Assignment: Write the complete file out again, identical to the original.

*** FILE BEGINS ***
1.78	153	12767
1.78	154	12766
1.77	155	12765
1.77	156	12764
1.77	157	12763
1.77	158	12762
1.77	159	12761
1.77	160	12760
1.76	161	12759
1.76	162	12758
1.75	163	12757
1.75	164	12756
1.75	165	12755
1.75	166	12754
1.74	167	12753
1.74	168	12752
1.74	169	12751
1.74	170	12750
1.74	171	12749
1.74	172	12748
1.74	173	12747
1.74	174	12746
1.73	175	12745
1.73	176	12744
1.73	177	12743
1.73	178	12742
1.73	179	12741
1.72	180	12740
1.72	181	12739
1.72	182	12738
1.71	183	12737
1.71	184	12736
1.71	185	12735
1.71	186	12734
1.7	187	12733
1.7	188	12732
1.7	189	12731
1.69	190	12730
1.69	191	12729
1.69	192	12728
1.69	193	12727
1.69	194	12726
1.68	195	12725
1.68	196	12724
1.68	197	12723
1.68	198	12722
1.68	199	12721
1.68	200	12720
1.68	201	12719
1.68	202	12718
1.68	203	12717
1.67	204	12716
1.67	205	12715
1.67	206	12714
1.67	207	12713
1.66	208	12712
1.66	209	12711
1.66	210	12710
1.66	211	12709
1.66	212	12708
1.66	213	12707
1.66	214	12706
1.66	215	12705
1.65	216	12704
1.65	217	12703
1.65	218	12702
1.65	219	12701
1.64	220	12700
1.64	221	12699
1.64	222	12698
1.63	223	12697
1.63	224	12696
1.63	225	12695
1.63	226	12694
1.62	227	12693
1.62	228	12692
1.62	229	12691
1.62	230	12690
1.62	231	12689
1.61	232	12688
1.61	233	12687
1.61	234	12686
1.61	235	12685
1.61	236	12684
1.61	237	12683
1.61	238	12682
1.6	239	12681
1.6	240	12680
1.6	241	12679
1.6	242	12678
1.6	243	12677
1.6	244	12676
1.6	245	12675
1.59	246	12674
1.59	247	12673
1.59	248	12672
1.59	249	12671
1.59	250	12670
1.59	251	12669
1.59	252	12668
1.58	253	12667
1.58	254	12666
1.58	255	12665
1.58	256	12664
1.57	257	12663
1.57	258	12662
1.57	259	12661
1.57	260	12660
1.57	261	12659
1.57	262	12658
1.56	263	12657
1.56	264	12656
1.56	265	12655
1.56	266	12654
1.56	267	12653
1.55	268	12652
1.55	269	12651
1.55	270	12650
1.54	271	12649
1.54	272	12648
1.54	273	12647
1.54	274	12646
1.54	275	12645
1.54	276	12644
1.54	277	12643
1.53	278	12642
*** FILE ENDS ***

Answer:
1.78	153	12767
1.78	154	12766
1.77	155	12765
1.77	156	12764
1.77	157	12763
1.77	158	12762
1.77	159	12761
1.77	160	12760
1.76	161	12759
1.76	162	12758
1.75	163	12757
1.75	164	12756
1.75	165	12755
1.75	166	12754
1.74	167	12753
1.74	168	12752
1.74	169	12751
1.74	170	12750
1.74	171	12749
1.74	172	12748
1.74	173	12747
1.74	174	12746
1.73	175	12745
1.73	176	12744
1.73	177	12743
1.73	178	12742
1.73	179	12741
1.72	180	12740
1.72	181	12739
1.72	182	12738
1.71	183	12737
1.71	184	12736
1.71	185	12735
1.71	186	12734
1.7	187	12733
1.7	188	12732
1.7	189	12731
1.69	190	12730
1.69	191	12729
1.69	192	12728
1.69	193	12727
1.69	194	12726
1.68	195	12725
1.68	196	12724
1.68	197	12723
1.68	198	12722
1.68	199	12721
1.68	200	12720
1.68	201	12719
1.68	202	12718
1.68	203	12717
1.67	204	12716
1.67	205	12715
1.67	206	12714
1.67	207	12713
1.66	208	12712
1.66	209	12711
1.66	210	12710
1.66	211	12709
1.66	212	12708
1.66	213	12707
1.66	214	12706
1.66	215	12705
1.65	216	12704
1.65	217	12703
1.65	218	12702
1.65	219	12701
1.64	220	12700
1.64	221	12699
1.64	222	12698
1.63	223	12697
1.63	224	12696
1.63	225	12695
1.63	226	12694
1.62	227	12693
1.62	228	12692
1.62	229	12691
1.62	230	12690
1.62	231	12689
1.61	232	12688
1.61	233	12687
1.61	234	12686
1.61	235	12685
1.61	236	12684
1.61	237	12683
1.61	238	12682
1.6	239	12681
1.6	240	12680
1.6	241	12679
1.6	242	12678
1.6	243	12677
1.6	244	12676
1.6	245	12675
1.59	246	12674
1.59	247	12673
1.59	248	12672
1.59	249	12671
1.59	250	12670
1.59	251	12669
1.59	252	12668
1.58	253	12667
1.58	254	12666
1.58	255	12665
1.58	256	12664
1.57	257	12663
1.57	258	12662
1.57	259	12661
1.57	260	12660
1.57	261	12659
1.57	262	12658
1.56	263	12657
1.56	264	12656
1.56	265	12655
1.56	266	12654
1.56	267	12653
1.55	268	12652
1.55	269	12651
1.55	270	12650
1.54	271	12649
1.54	272	12648
1.54	273	12647
1.54	274	12646
1.54	275	12645
1.54	276	12644
1.54	277	12643
1.53	278	12642